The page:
I honestly think that, if you really want to be more mindful about your clothing consumption, you should buy everything second hand. But that has it’s own set of issues doesn’t it? If you buy second hand then you’re not supporting the artisans and union workers who produce clothes now. On the other hands you’re also ensuring that there is less textile waste in the world and that the clothes don’t end up in some third world country where they will undermine local textile economies. In other words, there’s no perfect way to do this. There’s no way to be the perfect minimalist and there’s no way to be the perfect ethical consumer. I think it might be actually impossible to “do no harm”. I think it’s different for everyone.

It’s also a really tough subject to talk about because it can be very polarizing. I think when we try to be ethical consumers, we run into the danger of also becoming self-righteous consumers who want to preach how much better we are because we know the name of the goat our cashmere came from, and I think that’s wrong and it defeats the whole purpose. I do think minimalism and ethical fashion can go hand in hand. I think they can be friends, but I think we should also keep our expectations reasonable. I think we need to avoid throwing stones from our soapboxes when talking to friends and family and complete strangers on the Internet about the benefits of minimalism and ethical consumption. I want to be encouraging and inclusive, not exclusive and snobby.

Listen, I could go on for hours and hours about this topic, and I will revisit it many times over the coming year, in hopes that we can have a discussion about it. When I finished the Wardrobe Architect exercises I did get rid of a lot of my closet, but not all of it. In fact, the majority of my closet now is pre-WA pieces, and as I feature these pieces on the blog alongside my newer American made and ethically made pieces. In other words, I hope the ethical fashion squad doesn’t show up and arrest me for continuing to wear J. Crew, and in turn, I hope this blog inspires you to make the most of what you have, and not the most of what you haven’t yet acquired.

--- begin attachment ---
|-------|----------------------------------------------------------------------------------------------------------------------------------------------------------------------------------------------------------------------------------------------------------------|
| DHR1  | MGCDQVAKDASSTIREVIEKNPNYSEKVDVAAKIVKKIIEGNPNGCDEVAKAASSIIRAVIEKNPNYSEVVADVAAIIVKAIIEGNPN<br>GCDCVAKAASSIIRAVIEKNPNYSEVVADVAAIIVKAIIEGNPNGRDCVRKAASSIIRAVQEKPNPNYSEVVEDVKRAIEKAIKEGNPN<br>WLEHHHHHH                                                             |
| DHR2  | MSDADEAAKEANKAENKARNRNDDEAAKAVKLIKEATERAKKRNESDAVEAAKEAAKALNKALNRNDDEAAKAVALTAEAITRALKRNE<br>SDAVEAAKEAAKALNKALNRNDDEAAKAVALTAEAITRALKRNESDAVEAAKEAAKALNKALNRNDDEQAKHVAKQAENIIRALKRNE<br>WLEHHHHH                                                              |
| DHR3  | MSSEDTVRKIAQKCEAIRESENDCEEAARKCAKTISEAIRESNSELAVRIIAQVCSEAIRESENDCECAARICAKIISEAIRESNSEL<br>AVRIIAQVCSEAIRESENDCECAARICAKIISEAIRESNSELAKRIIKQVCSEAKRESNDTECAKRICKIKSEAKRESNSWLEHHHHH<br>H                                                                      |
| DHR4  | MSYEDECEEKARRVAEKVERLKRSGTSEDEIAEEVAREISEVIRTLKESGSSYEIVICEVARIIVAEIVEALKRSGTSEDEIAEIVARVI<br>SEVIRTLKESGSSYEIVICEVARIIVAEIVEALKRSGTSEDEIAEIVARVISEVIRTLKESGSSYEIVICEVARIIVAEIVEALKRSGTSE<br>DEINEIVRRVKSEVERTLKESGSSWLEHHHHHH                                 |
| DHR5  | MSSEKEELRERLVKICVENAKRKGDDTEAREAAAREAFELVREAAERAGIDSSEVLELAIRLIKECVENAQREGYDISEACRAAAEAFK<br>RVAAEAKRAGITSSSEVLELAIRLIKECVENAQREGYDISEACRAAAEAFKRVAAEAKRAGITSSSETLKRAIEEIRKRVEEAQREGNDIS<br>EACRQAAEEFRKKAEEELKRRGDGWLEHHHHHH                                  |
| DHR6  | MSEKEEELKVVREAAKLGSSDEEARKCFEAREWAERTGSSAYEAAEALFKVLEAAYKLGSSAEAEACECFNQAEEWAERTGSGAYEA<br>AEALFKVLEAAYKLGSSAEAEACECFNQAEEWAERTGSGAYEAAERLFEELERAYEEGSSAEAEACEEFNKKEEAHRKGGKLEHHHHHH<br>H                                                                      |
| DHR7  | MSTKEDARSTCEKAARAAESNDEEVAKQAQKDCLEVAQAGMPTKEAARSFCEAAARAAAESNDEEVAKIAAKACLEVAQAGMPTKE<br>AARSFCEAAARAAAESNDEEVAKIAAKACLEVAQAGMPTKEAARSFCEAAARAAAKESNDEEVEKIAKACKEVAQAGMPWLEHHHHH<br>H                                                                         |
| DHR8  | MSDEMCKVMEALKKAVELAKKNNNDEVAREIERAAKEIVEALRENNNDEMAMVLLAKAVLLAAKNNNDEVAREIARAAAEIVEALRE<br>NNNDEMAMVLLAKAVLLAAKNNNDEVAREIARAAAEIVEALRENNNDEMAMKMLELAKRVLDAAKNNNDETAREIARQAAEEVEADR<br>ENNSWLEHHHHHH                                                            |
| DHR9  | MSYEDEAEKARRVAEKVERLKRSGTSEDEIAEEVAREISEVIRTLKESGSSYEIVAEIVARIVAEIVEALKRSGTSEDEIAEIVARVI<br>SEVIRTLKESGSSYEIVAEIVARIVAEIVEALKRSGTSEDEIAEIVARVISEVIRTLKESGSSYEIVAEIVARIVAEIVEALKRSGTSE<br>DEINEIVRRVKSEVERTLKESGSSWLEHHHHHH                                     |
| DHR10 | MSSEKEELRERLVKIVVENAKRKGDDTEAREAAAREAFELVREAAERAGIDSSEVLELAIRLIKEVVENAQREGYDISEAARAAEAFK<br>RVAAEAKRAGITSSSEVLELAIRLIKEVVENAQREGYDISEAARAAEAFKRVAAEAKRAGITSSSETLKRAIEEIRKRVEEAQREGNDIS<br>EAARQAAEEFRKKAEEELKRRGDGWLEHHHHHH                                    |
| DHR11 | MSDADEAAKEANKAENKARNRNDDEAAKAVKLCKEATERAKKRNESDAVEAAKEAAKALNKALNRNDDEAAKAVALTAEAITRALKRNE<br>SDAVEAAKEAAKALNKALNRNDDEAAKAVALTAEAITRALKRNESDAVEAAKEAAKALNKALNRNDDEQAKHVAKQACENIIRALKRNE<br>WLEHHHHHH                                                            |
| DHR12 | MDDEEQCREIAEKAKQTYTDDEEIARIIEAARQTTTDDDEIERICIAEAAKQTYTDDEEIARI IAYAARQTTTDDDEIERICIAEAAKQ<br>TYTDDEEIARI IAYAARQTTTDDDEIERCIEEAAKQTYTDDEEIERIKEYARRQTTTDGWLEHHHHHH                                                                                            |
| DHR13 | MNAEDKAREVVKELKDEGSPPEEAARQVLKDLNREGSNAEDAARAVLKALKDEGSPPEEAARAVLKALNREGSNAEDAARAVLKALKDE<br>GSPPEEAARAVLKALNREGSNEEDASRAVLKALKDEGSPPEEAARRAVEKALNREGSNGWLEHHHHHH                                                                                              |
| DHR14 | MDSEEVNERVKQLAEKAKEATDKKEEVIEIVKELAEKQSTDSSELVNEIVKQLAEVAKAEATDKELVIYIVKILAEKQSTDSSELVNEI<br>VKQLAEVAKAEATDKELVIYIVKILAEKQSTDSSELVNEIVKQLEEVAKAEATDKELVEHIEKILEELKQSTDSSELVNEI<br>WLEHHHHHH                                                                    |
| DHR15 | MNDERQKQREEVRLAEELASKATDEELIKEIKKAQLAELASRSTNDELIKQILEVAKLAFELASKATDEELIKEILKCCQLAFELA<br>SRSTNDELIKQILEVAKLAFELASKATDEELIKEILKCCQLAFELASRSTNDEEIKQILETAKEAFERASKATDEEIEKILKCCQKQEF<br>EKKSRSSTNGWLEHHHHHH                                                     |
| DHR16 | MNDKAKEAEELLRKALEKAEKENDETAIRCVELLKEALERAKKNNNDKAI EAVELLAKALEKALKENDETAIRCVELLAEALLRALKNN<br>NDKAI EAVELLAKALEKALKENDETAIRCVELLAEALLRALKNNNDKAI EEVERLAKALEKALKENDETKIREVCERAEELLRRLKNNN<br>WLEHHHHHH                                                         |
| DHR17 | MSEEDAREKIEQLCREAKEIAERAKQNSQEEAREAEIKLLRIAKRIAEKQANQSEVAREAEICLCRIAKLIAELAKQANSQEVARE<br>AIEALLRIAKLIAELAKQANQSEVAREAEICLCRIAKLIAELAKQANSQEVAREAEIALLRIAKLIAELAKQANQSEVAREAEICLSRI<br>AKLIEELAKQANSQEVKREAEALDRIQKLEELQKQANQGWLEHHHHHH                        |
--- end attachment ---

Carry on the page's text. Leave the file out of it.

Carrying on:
Thank you.

2 thoughts on “On minimalism and ethical fashion…

  1. I totally agree with you on the “use what you have” mantra. In a perfect world I would love to throw my whole closet out and start from scratch to build a wardrobe made from small-run, hand-crafted clothing studios. But you know what- I just don’t have the money! And it would be a waste of the perfectly good clothing I still have. On the other hand, I currently have two pairs of Gap jeans that I have patched on the inside in the thigh area with iron-on patches (yeah… My thighs rub together and I get holes there every pair of jeans I own. It’s embarassing and totally annoying.) I’m holding out and trying to save my money to buy a pair of Imogene and Willie jeans. I’m hoping they are made of a higher quality denim and won’t wear out as fast. And if I spend that much on one pair of jeans I will probably have… one pair of jeans lol. I do admire the raw denim movement because it seems like wearing your jeans until they fall apart is a badge of honor. And it’s certainly less wasteful! Anyway- very interesting topic and it seems like we could go on forever talking about it! 🙂